In these projects, significant steps were taken to utilize and institutionalize social dialogue mechanisms and devise communication channels between the parties in resolving such issues as improving working conditions for women, 25 the effective implementation of labor laws, 26 consultation with and informing of workers, 27 vocational training, and fighting unemployment. These conferences became important venues for the Turkish unionists to meet and exchange ideas with political party representatives, government officials and employer representatives, as well as unionists and officials from Europe, to discuss important matters, including European social models, labor laws, trade union rights, occupational health, and gender equality at work.
These topics included labor law, European Social Dialogue, trade union rights, social exclusion, gender equality, occupation health. This way, existing venues of struggle for the improvement of working conditions and labor freedoms in Turkey have been supplemented with the support from European trade unions. Today, a considerable number of unions maintain contacts with their European counterparts in one way or another. They often participate in the regular meetings of the European industry federation with which they are affiliated. In numerous sectors, but especially in chemicals, petroleum, textiles, and metal, Turkish trade unions either initiate or participate in joint workshops, education seminars and conferences, which bring together trade unionists and experts from different countries to focus on important themes in the European Industrial Relations system.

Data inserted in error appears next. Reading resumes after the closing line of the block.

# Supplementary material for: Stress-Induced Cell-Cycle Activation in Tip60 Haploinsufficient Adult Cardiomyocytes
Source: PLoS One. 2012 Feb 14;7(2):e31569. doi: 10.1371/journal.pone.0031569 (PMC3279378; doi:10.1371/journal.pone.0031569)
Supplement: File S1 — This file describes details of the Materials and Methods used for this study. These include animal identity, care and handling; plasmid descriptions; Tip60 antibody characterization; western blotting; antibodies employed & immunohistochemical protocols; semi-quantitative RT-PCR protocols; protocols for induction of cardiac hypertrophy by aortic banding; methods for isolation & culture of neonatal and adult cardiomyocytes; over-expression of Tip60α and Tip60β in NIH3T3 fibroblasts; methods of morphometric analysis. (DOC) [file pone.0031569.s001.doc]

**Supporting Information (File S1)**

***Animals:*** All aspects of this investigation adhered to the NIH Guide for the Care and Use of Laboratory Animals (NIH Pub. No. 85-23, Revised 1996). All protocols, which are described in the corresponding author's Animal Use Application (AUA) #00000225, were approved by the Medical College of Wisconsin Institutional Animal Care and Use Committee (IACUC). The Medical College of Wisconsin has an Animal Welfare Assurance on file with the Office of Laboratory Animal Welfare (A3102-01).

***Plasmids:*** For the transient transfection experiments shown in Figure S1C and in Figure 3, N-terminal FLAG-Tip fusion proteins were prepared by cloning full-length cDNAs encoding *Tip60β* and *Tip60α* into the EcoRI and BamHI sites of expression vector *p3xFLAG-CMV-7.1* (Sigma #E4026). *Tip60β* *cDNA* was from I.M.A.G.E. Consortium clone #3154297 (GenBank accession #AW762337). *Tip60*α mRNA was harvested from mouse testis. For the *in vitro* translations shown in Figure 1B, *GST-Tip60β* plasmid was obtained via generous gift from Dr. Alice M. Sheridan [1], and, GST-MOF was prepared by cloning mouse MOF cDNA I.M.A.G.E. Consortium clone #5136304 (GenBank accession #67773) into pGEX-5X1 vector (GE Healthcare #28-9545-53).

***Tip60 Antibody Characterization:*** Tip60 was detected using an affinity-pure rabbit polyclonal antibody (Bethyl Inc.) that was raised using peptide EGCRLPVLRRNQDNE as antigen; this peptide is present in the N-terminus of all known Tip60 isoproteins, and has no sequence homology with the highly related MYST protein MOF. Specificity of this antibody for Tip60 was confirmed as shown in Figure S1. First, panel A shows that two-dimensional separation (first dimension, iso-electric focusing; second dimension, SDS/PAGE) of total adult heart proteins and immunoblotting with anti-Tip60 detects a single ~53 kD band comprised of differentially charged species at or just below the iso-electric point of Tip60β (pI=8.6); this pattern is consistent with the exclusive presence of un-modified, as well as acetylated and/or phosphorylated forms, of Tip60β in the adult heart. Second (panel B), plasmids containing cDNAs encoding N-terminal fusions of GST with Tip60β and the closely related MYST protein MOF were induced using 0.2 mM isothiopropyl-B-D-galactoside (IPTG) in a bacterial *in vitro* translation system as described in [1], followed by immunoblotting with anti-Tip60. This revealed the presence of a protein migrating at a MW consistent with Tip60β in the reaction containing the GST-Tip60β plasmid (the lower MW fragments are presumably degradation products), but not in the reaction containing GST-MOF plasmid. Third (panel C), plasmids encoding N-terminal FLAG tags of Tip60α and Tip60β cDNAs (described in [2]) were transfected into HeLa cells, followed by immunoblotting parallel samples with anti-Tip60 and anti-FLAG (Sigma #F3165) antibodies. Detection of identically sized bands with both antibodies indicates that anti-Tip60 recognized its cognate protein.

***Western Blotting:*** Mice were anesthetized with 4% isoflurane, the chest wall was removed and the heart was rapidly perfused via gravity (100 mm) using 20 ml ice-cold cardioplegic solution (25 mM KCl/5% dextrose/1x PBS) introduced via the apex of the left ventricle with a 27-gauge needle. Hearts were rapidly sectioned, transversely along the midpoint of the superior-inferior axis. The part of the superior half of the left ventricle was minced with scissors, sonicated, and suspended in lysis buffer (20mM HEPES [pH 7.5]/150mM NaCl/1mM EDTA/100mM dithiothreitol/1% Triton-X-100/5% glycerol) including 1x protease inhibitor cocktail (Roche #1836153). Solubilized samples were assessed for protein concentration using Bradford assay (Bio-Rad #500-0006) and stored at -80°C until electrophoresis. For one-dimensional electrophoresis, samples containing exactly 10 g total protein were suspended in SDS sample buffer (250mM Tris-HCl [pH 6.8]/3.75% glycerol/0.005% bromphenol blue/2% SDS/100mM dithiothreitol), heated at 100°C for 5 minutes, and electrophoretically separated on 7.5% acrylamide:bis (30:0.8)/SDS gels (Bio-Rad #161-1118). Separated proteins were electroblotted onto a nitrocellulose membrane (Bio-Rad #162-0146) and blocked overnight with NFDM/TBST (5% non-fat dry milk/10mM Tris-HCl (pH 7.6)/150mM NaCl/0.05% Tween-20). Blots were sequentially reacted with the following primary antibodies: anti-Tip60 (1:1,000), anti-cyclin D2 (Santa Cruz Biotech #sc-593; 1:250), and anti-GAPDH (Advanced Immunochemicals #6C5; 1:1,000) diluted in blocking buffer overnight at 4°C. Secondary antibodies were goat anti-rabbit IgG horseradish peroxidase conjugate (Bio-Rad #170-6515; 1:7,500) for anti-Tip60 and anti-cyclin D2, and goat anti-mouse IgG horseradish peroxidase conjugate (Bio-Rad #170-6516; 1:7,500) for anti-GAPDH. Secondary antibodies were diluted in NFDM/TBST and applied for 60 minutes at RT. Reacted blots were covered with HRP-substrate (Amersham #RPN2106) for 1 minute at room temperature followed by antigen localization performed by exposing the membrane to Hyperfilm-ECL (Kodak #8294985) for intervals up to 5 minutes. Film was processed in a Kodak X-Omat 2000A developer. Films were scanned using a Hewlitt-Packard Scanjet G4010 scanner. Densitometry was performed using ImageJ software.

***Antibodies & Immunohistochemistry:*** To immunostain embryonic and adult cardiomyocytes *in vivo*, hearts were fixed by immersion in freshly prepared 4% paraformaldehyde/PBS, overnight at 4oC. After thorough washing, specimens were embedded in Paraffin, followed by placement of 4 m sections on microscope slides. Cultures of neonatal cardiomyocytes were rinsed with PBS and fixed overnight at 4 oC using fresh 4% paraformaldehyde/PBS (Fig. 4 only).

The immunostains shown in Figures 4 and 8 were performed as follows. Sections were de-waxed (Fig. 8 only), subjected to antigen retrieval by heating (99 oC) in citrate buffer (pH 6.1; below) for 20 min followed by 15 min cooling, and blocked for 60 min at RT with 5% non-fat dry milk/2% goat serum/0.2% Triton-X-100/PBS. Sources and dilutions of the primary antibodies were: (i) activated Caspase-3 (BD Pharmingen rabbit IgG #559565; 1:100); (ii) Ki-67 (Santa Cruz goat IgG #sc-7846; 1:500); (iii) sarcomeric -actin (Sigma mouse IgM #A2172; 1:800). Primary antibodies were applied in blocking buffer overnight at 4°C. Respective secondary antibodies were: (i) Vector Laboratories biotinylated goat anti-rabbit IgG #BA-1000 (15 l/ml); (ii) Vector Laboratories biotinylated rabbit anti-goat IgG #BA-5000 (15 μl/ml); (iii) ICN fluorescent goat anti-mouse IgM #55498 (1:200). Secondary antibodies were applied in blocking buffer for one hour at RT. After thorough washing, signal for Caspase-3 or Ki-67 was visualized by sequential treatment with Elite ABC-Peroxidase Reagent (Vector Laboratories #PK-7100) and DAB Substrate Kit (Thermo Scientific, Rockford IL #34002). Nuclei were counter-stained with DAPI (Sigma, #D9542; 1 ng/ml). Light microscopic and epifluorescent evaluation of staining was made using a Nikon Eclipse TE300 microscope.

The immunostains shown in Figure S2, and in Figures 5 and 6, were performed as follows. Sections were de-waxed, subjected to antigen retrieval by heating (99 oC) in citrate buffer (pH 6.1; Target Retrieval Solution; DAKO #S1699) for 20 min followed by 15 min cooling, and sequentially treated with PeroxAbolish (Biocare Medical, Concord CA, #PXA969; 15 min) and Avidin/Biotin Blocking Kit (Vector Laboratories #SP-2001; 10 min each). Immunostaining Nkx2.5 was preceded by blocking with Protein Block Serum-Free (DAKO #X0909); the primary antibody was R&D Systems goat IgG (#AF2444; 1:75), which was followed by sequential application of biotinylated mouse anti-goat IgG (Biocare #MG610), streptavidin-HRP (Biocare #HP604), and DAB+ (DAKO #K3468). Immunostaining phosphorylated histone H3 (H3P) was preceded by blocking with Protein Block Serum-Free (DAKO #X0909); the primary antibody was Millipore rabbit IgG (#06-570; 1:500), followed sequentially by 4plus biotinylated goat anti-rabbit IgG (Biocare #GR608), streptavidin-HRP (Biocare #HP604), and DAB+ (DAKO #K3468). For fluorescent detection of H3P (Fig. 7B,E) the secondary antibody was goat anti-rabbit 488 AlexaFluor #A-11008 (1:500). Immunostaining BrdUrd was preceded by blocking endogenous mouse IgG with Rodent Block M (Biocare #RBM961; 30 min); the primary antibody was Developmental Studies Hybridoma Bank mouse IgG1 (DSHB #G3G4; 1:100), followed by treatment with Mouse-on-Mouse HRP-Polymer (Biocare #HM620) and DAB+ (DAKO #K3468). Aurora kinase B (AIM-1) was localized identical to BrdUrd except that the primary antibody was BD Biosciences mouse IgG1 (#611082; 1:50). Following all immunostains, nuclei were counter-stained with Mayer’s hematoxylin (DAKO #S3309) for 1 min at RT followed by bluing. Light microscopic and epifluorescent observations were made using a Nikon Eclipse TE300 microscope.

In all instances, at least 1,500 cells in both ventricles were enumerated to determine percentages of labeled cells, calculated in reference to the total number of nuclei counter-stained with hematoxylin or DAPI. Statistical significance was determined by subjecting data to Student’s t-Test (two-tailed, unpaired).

Unions organized in the above-mentioned industrial sectors in Turkey often inform their European counterparts and their parent European industrial federations about ongoing industrial conflicts with their employers, who are often subsidiaries of a parent multinational company headquartered in one of the EU member countries.